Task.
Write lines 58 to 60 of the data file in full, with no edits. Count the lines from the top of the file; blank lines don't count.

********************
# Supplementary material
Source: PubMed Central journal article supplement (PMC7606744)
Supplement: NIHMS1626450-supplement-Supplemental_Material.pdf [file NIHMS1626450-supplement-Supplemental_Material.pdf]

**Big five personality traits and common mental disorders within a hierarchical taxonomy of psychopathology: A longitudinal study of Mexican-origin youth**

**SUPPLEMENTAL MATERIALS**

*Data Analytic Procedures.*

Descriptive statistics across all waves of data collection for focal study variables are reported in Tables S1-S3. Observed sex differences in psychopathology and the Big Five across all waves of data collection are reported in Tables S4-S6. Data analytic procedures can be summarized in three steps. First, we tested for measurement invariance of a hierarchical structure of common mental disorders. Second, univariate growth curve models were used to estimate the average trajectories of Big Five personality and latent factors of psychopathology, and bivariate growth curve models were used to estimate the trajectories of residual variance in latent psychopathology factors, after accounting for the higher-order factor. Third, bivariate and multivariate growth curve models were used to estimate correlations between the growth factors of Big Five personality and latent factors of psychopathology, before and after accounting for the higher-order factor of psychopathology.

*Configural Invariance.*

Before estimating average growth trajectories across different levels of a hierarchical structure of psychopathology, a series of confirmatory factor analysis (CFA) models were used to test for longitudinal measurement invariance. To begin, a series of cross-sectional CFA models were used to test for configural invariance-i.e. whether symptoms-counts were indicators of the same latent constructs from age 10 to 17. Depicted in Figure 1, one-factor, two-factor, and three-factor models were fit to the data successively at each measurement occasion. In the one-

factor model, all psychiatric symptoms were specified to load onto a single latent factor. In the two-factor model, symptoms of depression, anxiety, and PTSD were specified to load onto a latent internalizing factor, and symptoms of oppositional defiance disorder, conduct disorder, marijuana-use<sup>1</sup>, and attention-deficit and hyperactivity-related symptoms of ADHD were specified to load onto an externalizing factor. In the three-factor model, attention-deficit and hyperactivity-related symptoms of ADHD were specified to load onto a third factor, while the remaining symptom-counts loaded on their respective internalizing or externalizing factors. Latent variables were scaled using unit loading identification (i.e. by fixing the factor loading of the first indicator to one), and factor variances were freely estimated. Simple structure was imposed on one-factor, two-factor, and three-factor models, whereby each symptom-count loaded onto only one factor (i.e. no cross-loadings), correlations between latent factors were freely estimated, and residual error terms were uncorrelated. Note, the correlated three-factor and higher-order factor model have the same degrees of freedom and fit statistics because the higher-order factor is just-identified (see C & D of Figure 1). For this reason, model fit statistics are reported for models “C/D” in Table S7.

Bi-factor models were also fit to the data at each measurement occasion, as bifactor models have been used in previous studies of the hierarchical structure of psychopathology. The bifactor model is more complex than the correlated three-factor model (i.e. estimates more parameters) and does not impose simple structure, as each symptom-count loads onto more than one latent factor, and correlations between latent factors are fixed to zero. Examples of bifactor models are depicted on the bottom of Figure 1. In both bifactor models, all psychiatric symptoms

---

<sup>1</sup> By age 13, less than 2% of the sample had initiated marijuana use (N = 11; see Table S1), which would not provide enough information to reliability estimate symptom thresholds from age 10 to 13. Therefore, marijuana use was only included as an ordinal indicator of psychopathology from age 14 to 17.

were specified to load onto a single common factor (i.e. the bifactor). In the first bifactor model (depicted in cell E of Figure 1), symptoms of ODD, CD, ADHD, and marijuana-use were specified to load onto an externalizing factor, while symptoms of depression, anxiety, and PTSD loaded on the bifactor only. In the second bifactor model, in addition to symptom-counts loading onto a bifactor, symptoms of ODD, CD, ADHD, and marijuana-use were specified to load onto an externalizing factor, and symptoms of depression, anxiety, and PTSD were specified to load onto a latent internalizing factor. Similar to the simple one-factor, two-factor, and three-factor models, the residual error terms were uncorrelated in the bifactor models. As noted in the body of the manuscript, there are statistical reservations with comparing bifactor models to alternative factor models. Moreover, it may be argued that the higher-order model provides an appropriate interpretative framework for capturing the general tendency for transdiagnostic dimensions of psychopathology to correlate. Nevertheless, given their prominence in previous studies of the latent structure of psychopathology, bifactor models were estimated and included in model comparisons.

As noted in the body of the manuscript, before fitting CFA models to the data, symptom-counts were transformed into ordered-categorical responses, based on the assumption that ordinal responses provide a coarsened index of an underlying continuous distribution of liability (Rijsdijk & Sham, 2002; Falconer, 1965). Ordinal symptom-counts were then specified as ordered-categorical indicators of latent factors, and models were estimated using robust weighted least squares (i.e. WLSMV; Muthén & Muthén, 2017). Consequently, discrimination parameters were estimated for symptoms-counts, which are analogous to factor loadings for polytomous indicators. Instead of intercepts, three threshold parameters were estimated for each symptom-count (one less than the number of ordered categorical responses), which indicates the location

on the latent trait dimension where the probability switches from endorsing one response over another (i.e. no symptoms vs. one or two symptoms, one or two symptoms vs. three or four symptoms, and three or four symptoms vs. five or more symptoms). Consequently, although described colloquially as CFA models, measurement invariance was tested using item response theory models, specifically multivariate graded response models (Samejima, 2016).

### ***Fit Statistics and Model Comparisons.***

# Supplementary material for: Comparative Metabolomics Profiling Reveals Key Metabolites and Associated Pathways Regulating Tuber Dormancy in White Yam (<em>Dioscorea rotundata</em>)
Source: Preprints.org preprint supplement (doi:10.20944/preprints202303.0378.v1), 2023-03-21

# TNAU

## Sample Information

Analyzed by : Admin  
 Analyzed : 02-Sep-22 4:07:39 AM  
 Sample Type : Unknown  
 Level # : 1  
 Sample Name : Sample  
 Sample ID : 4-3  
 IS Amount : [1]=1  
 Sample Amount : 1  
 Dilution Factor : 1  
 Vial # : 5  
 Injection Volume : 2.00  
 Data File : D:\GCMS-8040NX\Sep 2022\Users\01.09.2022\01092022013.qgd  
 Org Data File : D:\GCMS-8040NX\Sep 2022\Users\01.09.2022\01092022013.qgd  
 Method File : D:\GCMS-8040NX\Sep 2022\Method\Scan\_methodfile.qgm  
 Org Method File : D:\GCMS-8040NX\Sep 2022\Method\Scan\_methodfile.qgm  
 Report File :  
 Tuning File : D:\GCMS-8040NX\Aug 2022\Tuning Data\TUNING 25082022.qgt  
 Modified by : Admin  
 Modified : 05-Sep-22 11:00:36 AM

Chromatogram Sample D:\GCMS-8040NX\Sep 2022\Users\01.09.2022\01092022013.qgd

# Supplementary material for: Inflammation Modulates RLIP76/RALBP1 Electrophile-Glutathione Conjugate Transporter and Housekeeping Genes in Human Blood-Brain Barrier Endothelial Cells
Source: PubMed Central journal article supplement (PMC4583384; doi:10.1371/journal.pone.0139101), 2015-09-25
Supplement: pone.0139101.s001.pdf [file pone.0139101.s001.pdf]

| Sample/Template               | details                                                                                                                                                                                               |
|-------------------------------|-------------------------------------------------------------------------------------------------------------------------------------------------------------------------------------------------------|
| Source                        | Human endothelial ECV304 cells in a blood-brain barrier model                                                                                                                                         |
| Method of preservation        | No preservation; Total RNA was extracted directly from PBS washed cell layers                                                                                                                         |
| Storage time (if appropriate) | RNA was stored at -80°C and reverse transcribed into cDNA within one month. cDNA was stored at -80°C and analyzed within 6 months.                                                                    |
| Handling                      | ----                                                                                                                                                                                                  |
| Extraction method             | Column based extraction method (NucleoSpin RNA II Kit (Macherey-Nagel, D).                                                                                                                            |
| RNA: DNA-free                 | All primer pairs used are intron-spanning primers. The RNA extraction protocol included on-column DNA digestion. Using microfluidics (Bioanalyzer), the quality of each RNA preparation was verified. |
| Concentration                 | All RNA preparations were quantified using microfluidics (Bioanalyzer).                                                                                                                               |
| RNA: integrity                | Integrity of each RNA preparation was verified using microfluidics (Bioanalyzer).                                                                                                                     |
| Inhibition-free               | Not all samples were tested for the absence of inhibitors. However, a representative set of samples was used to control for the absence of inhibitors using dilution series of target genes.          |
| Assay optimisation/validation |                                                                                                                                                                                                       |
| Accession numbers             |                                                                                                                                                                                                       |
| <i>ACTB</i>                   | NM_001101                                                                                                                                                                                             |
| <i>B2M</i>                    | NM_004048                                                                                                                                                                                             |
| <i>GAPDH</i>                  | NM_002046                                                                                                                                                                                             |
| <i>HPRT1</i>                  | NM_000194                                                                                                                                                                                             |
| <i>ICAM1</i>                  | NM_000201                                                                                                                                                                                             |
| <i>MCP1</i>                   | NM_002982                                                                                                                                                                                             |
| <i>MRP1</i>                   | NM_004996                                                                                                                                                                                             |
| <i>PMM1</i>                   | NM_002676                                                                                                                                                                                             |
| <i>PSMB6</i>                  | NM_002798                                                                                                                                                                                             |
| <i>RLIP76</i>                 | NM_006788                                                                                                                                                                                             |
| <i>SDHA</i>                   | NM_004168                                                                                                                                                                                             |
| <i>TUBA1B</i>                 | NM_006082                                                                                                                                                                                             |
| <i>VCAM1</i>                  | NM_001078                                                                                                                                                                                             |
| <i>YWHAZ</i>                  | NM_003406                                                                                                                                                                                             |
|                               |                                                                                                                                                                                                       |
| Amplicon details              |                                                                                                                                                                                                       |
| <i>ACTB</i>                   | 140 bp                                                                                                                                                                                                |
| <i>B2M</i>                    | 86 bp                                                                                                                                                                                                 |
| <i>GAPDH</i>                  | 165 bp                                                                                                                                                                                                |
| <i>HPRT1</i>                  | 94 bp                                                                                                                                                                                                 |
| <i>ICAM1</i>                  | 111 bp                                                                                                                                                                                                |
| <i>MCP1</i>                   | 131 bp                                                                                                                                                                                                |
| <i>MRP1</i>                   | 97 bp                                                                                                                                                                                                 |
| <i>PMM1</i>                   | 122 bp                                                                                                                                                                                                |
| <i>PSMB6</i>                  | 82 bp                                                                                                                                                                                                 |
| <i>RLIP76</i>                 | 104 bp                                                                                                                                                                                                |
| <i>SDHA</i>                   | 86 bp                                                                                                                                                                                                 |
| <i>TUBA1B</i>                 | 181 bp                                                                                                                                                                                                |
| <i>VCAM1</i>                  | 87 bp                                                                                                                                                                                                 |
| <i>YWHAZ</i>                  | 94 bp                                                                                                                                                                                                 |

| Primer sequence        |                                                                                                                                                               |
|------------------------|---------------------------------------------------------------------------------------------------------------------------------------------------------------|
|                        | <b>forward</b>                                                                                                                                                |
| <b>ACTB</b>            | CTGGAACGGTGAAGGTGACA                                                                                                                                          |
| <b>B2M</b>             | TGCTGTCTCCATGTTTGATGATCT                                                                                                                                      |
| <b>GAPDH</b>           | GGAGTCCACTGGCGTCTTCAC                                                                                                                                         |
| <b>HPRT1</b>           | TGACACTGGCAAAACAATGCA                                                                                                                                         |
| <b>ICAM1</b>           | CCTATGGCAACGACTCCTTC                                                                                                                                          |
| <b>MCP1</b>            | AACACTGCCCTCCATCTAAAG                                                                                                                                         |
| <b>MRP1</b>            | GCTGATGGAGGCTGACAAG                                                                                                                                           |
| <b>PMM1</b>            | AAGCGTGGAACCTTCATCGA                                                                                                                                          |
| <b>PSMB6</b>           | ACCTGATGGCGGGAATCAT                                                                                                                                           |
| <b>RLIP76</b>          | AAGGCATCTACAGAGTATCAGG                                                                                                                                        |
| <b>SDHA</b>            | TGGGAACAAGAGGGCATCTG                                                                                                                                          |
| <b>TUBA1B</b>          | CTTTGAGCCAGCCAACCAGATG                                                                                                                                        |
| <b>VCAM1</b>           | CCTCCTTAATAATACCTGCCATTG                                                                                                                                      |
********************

| <i>ACTB</i>                   | NM_001101                                                                                                                                                                                             |
| <i>B2M</i>                    | NM_004048                                                                                                                                                                                             |
| <i>GAPDH</i>                  | NM_002046                                                                                                                                                                                             |